Both guidelines and expert consensus documents agree that implantable cardiac defibrillator (ICD) implantation is recommended in patients with a diagnosis of idiopathic VF (class I). Optimal pharmacological treatment is less well defined due to the low prevalence of the condition and the absence of randomised case control studies.1,22 Table 1 summarises the current recommendations for medical therapy in idiopathic VF.1,22 The first drug trial in idiopathic VF was described by Belhassen and colleagues almost 30 years ago; in two of the first five described patients with inducible VF at electrophysiology study, electrical stimulation was repeated after intravenous disopyramide administration. In one case, disopyramide was effective in suppressing arrhythmias inducibility and long-term prophylaxis started (600 mg/daily), while in the other subject a self-terminating VT/VF could still be induced and disopyramide was substituted with quinidine. Four patients began long-term prophylaxis with oral quinidine (mean dosage 1,650 mg/daily) alone or, in two cases, combined with amiodarone. All patients remained asymptomatic during a mean follow-up of 52 months.7 The long-term efficacy of quinidine was confirmed by the same group over 20 years later in nine subjects with idiopathic VF or Brugada syndrome with previous cardiac arrest or syncope. Over a mean follow-up of 15 ± 7 years no recurrences of arrhythmias were documented and repeat electrophysiological studies failed to reproduce any sustained arrhythmias.23
Short-coupled Torsades de Pointe/polymorphic ventricular tachycardia
Only two case series studies, to date, described the response to antiarrhythmic agents in idiopathic VF cases triggered by short-coupled PVCs. In the study by Leenhardt et al.8 isoproterenol and atropine had mixed effects on suppressing short-coupled PVCs. During follow-up, two subjects treated with betablockers and one treated with verapamil died of sudden cardiac death. Overall, verapamil suppressed arrhythmia recurrence in seven out of 12 subjects. Verapamil, a slow calcium channel blocking agent, acts mostly on the sinoatrial (SA) and atrioventricular (AV) nodes causing depression of automaticity, slowing of conduction and increase in refractoriness. In addition, calcium-channel blockers can ameliorate arrhythmias caused by afterdepolarisations, or by localised areas of slow conduction. The proposed mechanisms for the effectiveness of verapamil in short-coupled TdP were lengthening of the coupling interval and suppression of repetitive PCVs. In the cohort described by Eisenberg et al.10 for patients with spontaneous, short-coupled TdP, treatment included both beta-blockers and/or calcium channel blockers; although again, these were not effective in the long term. According to the most recent guidelines, the use of IV calcium channel blockers should be considered for the acute management of VF storms or recurrent ICD discharges in subjects with short-coupled TdP (class IIb).22 Importantly, cases of idiopathic VF that responded well to quinidine also seem to be triggered by short-coupled PVCs.7,23 Thus, whilst not formally mentioned in the guidelines, quinidine can also be useful in suppression of PVCs.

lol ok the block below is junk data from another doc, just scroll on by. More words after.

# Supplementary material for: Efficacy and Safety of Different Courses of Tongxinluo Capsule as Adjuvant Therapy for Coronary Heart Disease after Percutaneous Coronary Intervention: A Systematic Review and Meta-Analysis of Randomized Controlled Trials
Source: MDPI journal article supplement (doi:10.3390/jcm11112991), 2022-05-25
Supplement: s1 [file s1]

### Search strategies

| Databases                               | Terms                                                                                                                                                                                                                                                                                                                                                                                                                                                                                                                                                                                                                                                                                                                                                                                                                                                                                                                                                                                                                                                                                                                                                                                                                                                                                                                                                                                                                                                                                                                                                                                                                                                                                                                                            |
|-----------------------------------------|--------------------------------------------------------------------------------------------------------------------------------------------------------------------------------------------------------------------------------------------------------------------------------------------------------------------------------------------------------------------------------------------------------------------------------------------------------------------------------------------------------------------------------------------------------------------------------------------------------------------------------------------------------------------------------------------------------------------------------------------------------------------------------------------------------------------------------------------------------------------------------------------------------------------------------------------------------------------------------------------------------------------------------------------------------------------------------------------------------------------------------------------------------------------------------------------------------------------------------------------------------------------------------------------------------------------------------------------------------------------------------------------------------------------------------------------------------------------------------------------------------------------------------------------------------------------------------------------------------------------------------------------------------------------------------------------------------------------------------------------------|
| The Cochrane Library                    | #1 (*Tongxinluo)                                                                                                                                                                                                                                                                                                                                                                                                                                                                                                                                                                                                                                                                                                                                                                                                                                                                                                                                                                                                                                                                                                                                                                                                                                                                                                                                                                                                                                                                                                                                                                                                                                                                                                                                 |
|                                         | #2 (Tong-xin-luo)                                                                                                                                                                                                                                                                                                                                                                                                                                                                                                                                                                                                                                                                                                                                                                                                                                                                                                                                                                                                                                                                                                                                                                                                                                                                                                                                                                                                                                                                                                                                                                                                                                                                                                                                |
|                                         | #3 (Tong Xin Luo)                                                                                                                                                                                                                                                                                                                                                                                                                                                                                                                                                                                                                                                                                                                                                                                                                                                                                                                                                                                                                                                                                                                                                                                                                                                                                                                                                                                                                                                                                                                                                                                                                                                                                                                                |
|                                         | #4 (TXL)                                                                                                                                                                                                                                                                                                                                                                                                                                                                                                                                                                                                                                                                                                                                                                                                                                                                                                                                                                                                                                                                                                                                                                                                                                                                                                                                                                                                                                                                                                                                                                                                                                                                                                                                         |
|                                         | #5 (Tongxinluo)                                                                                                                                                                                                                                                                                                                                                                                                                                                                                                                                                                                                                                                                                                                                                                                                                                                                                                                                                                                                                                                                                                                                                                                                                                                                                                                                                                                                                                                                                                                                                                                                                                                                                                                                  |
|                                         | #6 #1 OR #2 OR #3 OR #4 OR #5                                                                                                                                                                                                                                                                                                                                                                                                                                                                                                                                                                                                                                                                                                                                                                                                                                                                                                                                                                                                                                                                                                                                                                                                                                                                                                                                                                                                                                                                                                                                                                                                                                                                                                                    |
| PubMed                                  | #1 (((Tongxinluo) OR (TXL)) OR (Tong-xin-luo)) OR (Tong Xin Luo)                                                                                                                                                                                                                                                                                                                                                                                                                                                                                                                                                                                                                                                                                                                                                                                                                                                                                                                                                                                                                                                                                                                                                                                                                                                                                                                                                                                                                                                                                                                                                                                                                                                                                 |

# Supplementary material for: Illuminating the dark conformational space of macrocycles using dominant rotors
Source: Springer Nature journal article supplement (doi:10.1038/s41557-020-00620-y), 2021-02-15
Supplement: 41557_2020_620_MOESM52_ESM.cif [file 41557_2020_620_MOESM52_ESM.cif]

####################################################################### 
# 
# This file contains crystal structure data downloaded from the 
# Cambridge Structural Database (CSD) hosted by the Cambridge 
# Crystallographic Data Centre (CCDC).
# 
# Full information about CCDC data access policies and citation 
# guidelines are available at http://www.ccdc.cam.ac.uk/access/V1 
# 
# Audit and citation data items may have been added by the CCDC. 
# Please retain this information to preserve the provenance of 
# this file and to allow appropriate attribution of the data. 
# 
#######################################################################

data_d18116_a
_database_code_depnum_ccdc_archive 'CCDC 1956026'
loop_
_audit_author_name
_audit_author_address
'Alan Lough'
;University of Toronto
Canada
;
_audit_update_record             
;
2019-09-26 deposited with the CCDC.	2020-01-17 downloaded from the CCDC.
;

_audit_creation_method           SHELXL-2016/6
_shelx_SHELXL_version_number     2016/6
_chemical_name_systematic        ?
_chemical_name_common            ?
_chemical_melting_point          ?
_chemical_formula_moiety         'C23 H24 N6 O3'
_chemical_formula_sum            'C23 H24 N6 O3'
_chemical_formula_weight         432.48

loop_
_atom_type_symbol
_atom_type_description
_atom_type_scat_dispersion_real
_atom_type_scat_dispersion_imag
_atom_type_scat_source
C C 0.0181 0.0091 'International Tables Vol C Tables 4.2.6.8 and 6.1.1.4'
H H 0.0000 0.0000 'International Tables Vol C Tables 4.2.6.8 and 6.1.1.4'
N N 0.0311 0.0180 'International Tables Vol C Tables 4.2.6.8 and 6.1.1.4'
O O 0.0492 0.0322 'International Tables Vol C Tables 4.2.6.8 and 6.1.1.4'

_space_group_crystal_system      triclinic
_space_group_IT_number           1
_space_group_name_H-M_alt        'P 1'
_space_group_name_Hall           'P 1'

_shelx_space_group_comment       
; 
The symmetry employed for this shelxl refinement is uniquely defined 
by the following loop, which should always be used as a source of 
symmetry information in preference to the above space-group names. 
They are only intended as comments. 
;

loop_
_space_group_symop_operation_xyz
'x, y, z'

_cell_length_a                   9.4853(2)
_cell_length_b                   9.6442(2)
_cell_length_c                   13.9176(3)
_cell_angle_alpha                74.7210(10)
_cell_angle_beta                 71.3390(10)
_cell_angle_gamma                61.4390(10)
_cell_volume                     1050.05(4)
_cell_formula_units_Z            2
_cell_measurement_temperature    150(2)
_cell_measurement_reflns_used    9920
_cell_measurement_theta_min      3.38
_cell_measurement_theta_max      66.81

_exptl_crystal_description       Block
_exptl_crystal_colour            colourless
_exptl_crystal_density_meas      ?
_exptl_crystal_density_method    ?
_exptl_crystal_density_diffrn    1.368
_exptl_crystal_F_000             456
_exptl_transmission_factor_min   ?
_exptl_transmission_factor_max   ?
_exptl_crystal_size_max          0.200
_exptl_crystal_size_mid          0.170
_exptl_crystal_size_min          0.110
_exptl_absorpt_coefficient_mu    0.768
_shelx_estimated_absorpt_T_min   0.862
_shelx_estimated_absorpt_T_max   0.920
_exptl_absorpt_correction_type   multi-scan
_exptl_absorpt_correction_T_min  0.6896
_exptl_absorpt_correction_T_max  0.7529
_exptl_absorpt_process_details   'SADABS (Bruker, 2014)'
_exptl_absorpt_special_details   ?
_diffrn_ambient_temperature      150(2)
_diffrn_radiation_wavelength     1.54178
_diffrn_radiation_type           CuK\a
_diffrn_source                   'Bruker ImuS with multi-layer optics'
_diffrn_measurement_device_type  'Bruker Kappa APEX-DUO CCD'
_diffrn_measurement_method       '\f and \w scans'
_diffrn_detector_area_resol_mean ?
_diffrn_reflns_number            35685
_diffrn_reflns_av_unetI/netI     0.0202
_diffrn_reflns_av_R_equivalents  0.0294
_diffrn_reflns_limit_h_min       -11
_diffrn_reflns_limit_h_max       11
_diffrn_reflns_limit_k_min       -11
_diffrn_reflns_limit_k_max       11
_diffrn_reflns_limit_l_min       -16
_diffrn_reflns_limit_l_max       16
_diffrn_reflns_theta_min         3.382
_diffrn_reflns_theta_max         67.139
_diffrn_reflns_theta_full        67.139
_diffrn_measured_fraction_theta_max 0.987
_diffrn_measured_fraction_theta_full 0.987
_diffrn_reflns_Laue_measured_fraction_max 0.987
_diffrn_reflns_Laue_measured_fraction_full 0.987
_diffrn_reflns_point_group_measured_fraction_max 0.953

Idiopathic ventricular fibrillation associated with J waves (early repolarisation syndrome)
Haïssaguerre et al. first described the effectiveness of different drug therapies in early repolarisation syndrome in 2009.24 In 16 subjects with VF storms, no response was achieved with beta-blockers (tested in 11 subjects), lidocaine/mexiletine (tested in nine subjects), and verapamil (tested in three subjects), while amiodarone was effective in one-third of cases. Isoproterenol infusion (1–5 μg/min) immediately suppressed all arrhythmias in seven patients when the sinus heart rate was increased above 120 beats/minute.24
Isoproterenol is a beta-1 and beta-2 adrenergic receptor agonist. The effects on beta-1 adrenergic receptors, primarily concentrated in the heart, include an increase in intracellular calcium, resulting in a steeper slope of the cardiac pacemaker AP phase 4; therefore, pacemaker cells reach the threshold at a faster rate, resulting in the characteristic decrease in basic cycle length. In the epicardium, this markedly diminishes the spike-and-dome appearance of the AP plateau and causes marked shortening of AP duration, due to a rate-dependent reduction of the transient outward current (ITo) secondary to incomplete recovery from inactivation.